When the Best Is Mediocre
October 18, 2011
While the American public education system garners more and more negative criticism, the wealthy and politically influential elite seem relatively complacent with the situation. This is probably because the school districts of their comfortable suburban neighborhoods, when compared with their high-population urban counterparts, appear exceptional. However, because America's students are increasingly competing with students outside the United States for economic opportunities, this comparison is no longer valuable, and may even prove dangerous. By providing comfort to movers and shakers around the nation about the state of the public education system, this false comparison discourages the drastic reforms that are necessary to allow American students to catch up with their peers internationally, say Jay P. Greene, a senior fellow at the Manhattan Institute, and economist Josh B. McGee.
A recent Global Report Card, produced by researchers studying math and reading performance amongst developed nations between 2004 and 2007, returned the following results:
- Ninety-four percent of all U.S. school districts have average math achievement below the 67th percentile for developed nations.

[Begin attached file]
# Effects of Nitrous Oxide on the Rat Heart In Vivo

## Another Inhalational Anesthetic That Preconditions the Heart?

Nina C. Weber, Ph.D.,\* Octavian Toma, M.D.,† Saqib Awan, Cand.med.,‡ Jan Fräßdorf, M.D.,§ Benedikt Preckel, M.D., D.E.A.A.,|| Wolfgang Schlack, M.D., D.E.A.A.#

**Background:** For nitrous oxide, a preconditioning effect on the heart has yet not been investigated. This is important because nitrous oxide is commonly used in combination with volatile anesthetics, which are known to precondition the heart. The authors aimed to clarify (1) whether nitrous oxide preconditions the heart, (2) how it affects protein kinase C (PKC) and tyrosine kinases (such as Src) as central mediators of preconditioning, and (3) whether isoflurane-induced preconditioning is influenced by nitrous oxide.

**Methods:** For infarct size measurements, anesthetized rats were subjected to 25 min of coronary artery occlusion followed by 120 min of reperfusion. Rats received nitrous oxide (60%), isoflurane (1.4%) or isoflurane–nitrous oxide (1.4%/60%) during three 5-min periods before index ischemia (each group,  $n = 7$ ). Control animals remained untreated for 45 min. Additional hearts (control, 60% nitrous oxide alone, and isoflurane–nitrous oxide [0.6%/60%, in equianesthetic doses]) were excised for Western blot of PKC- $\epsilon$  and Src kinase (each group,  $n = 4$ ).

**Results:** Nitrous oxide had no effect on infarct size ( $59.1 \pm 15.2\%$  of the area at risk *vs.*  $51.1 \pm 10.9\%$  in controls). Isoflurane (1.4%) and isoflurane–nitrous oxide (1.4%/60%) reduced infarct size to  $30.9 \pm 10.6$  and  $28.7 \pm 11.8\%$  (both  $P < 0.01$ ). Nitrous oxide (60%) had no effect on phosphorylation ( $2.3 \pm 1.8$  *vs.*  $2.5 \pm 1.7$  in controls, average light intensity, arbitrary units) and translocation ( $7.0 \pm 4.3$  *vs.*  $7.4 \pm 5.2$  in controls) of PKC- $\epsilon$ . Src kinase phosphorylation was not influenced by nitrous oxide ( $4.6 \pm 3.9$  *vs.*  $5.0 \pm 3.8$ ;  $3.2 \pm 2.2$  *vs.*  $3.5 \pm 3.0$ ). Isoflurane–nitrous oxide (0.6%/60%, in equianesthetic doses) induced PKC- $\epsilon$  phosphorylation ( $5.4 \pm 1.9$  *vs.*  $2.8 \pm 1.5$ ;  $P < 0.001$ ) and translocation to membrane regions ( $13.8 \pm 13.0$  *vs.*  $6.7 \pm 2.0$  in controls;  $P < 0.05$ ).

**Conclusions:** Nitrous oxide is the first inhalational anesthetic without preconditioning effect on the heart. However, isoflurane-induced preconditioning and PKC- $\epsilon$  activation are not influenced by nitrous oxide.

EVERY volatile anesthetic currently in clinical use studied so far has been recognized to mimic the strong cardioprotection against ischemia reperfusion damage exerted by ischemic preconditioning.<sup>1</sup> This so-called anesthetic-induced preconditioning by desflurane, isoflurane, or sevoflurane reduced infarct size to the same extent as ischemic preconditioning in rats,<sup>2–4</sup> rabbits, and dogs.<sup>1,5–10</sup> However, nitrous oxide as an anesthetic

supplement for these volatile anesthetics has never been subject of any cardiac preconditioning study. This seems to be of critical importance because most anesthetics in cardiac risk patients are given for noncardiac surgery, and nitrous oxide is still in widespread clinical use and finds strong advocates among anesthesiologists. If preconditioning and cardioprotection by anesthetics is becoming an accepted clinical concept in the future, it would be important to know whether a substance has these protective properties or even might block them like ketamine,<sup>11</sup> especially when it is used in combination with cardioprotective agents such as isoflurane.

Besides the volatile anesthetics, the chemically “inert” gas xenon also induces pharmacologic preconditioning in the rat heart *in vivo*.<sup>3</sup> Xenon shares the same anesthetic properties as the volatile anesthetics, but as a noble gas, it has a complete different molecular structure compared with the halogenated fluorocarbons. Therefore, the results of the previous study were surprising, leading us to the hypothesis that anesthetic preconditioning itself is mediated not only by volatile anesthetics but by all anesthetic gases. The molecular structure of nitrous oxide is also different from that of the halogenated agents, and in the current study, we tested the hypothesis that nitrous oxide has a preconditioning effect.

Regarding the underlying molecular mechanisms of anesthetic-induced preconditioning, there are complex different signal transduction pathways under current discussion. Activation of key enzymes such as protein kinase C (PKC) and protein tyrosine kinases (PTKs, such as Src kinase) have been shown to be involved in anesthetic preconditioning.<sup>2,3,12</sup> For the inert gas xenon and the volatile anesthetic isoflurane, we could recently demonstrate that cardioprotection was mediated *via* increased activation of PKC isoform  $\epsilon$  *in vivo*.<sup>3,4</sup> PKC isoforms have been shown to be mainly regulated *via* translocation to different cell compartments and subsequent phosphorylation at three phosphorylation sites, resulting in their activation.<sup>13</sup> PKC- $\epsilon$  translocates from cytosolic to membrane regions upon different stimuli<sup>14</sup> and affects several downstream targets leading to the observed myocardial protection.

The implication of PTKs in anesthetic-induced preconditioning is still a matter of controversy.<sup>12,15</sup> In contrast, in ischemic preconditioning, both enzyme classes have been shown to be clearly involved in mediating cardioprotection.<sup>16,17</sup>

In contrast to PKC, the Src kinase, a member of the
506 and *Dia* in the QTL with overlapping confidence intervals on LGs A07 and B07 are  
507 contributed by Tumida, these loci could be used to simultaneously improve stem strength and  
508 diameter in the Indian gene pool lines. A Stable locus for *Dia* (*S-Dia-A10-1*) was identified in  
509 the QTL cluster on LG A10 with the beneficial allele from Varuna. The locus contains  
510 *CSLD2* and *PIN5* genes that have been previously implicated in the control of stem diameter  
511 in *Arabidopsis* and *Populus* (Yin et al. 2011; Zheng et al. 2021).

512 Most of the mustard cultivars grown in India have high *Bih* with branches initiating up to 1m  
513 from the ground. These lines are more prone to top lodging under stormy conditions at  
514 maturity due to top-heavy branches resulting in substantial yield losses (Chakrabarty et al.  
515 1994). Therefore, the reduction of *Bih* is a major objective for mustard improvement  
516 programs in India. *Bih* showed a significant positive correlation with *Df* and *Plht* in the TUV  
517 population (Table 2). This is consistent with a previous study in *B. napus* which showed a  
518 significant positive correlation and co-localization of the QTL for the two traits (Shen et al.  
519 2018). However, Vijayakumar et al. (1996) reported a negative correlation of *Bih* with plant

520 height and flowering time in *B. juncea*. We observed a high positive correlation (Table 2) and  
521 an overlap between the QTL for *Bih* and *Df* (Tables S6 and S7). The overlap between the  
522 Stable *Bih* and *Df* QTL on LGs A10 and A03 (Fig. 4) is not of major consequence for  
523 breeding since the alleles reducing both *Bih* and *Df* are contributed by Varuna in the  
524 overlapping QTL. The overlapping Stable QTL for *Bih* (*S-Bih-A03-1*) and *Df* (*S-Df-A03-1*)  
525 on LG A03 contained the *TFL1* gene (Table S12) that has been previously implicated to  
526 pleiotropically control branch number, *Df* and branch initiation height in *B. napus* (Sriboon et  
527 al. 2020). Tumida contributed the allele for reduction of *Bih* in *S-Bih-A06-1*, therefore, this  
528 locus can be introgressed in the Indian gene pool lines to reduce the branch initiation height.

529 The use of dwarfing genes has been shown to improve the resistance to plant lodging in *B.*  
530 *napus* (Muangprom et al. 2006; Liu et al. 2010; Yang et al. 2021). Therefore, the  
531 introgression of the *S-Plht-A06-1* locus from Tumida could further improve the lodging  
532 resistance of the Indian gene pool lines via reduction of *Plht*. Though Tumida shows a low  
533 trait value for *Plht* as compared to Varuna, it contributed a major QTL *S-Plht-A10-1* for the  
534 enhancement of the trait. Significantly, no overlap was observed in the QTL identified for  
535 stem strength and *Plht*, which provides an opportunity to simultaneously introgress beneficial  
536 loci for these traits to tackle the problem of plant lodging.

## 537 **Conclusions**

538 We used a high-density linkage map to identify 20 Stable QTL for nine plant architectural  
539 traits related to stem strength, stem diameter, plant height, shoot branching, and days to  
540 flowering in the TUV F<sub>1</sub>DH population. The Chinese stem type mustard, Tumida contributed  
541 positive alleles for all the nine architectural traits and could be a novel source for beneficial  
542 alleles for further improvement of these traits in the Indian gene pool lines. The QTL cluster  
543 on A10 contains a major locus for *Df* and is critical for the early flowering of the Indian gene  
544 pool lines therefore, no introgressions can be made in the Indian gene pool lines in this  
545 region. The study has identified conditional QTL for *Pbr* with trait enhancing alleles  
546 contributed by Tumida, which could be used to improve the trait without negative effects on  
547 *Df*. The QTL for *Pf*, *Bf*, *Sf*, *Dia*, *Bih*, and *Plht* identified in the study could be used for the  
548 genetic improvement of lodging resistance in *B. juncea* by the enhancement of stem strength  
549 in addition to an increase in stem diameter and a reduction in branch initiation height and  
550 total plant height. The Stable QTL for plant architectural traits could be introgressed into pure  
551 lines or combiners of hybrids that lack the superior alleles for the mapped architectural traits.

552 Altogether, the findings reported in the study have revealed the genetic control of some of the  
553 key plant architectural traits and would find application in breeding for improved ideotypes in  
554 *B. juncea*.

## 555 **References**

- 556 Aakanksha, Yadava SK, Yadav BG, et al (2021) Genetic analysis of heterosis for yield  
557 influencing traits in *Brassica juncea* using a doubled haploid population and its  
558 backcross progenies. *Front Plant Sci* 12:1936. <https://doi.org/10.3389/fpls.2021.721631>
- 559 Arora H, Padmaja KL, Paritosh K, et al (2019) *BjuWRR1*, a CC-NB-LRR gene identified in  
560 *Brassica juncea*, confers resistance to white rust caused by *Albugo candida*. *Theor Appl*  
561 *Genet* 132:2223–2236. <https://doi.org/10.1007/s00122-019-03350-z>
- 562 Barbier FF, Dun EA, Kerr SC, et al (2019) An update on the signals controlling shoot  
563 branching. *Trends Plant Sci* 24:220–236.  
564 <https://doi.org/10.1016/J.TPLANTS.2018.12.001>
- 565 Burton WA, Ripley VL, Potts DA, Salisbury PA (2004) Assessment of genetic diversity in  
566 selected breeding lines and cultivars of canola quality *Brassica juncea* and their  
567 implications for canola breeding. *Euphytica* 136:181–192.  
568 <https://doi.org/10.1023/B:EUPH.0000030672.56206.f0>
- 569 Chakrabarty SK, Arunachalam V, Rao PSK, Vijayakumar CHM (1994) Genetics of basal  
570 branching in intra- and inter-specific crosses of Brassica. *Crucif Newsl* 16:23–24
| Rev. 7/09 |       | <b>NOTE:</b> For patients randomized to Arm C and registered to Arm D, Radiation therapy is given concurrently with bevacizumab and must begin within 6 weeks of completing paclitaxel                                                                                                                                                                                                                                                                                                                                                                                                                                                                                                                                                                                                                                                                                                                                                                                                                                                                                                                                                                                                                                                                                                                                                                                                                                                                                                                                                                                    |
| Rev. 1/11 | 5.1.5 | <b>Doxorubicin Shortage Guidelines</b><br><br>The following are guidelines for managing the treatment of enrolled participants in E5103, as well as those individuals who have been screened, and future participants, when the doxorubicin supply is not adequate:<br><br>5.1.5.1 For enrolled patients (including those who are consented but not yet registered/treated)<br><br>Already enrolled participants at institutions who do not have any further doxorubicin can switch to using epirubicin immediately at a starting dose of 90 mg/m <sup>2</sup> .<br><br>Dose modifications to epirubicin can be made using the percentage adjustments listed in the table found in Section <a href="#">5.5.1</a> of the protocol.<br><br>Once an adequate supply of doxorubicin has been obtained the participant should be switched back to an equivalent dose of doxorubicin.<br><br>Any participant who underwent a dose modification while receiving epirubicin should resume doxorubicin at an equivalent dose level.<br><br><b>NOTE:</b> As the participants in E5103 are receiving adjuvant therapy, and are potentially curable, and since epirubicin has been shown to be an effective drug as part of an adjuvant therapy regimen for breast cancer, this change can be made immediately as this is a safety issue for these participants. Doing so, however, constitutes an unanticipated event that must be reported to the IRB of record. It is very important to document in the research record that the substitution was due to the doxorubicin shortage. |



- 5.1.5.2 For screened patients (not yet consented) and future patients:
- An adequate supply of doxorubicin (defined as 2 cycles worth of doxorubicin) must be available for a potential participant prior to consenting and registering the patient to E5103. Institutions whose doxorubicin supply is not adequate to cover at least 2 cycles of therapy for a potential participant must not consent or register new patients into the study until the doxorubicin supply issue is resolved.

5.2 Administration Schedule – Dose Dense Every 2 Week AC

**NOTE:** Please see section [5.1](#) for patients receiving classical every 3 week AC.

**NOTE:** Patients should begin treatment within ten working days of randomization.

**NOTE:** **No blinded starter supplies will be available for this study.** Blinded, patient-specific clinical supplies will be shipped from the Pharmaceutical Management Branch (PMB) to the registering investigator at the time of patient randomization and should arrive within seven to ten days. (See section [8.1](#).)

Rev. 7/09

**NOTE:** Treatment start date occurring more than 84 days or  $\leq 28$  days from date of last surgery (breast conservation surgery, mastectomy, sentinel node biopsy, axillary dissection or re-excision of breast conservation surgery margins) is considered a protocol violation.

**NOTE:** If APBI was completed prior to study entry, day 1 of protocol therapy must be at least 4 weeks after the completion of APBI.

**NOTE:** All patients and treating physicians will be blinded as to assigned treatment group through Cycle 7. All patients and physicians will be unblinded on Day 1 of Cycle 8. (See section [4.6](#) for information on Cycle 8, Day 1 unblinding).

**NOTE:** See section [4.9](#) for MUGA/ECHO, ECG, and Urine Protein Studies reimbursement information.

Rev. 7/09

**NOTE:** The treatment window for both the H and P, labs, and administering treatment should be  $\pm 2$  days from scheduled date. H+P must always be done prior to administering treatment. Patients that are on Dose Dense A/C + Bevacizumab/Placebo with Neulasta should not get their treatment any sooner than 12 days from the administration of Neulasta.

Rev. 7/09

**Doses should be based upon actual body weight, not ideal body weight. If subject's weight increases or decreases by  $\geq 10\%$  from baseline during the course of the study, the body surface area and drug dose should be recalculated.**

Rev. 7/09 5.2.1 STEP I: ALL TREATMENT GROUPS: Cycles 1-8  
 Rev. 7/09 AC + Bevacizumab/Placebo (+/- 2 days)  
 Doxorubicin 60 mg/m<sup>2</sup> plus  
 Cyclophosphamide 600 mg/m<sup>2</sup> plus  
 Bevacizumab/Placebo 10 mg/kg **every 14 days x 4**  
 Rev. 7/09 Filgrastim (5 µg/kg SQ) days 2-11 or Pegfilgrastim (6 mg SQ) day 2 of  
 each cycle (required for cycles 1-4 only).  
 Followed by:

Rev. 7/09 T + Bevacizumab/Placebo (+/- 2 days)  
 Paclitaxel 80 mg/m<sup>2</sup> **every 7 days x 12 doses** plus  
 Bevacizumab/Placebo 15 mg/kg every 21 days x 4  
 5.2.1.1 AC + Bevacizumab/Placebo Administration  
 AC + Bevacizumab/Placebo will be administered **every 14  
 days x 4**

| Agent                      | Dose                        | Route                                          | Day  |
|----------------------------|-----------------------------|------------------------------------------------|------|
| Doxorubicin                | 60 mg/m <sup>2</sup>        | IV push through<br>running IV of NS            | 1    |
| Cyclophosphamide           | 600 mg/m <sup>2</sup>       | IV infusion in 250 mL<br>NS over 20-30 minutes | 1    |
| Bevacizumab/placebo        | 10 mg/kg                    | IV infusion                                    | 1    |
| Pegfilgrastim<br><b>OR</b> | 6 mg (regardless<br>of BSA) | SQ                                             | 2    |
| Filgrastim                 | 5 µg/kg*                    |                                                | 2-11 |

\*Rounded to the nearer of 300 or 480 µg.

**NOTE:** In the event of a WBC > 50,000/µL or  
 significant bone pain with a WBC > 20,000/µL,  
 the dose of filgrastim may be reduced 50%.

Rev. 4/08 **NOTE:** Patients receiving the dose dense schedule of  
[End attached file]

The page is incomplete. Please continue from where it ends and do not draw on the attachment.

- Similarly, 68 percent have average student math achievement that is below the 50th percentile compared with that of the average student in other developed countries.
- Not one of the largest 20 school districts (which collectively contain 5.2 million students or 10 percent of the nation's total) is above the 50th percentile in math relative to other developed countries.
The researchers focused on math results first because they are the easiest to quantify and compare, and second because they serve as a more reliable indicator of future economic performance. While there are undoubtedly some small pockets of success that did extremely well relative to international competitors, these success stories are rare. Rather, the message that ought to be taken away from the results of this report card are that American students are falling behind and that there are a decreasing number of places that even the country's elites can flee to in order to guarantee their children an internationally competitive education.
Source: Jay P. Greene and Josh B. McGee, "When the Best Is Mediocre," Education Next, Winter 2012.
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